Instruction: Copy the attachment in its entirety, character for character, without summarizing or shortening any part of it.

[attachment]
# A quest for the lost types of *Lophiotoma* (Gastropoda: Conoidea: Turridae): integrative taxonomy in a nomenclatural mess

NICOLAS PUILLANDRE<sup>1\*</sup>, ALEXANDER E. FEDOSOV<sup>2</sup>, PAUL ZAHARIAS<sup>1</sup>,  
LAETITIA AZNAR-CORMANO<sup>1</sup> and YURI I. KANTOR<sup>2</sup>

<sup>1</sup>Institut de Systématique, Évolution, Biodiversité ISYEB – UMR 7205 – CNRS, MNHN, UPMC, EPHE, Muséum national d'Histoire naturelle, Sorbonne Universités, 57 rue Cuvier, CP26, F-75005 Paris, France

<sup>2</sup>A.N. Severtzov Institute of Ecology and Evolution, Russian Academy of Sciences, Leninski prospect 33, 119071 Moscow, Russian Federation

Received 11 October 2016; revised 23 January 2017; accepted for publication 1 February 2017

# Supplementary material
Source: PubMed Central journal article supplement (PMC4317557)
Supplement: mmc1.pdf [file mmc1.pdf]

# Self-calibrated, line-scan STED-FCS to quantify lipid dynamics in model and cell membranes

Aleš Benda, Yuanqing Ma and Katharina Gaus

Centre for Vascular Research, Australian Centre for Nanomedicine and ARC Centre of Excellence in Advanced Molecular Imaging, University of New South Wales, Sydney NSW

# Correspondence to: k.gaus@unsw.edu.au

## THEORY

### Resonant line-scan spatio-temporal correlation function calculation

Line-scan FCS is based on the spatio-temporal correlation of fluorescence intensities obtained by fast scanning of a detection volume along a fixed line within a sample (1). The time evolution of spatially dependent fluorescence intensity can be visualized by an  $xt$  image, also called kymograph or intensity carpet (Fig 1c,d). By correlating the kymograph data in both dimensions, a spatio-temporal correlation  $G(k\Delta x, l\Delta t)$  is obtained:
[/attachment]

# A quest for the lost types of *Lophiotoma* (Gastropoda: Conoidea: Turridae): integrative taxonomy in a nomenclatural mess

NICOLAS PUILLANDRE<sup>1\*</sup>, ALEXANDER E. FEDOSOV<sup>2</sup>, PAUL ZAHARIAS<sup>1</sup>,  
LAETITIA AZNAR-CORMANO<sup>1</sup> and YURI I. KANTOR<sup>2</sup>

<sup>1</sup>Institut de Systématique, Évolution, Biodiversité ISYEB – UMR 7205 – CNRS, MNHN, UPMC, EPHE, Muséum national d'Histoire naturelle, Sorbonne Universités, 57 rue Cuvier, CP26, F-75005 Paris, France

<sup>2</sup>A.N. Severtzov Institute of Ecology and Evolution, Russian Academy of Sciences, Leninski prospect 33, 119071 Moscow, Russian Federation

Received 11 October 2016; revised 23 January 2017; accepted for publication 1 February 2017

# Supplementary material
Source: PubMed Central journal article supplement (PMC4317557)
Supplement: mmc1.pdf [file mmc1.pdf]

# Self-calibrated, line-scan STED-FCS to quantify lipid dynamics in model and cell membranes

Aleš Benda, Yuanqing Ma and Katharina Gaus

Centre for Vascular Research, Australian Centre for Nanomedicine and ARC Centre of Excellence in Advanced Molecular Imaging, University of New South Wales, Sydney NSW

# Correspondence to: k.gaus@unsw.edu.au

## THEORY

### Resonant line-scan spatio-temporal correlation function calculation

Line-scan FCS is based on the spatio-temporal correlation of fluorescence intensities obtained by fast scanning of a detection volume along a fixed line within a sample (1). The time evolution of spatially dependent fluorescence intensity can be visualized by an  $xt$  image, also called kymograph or intensity carpet (Fig 1c,d). By correlating the kymograph data in both dimensions, a spatio-temporal correlation  $G(k\Delta x, l\Delta t)$  is obtained: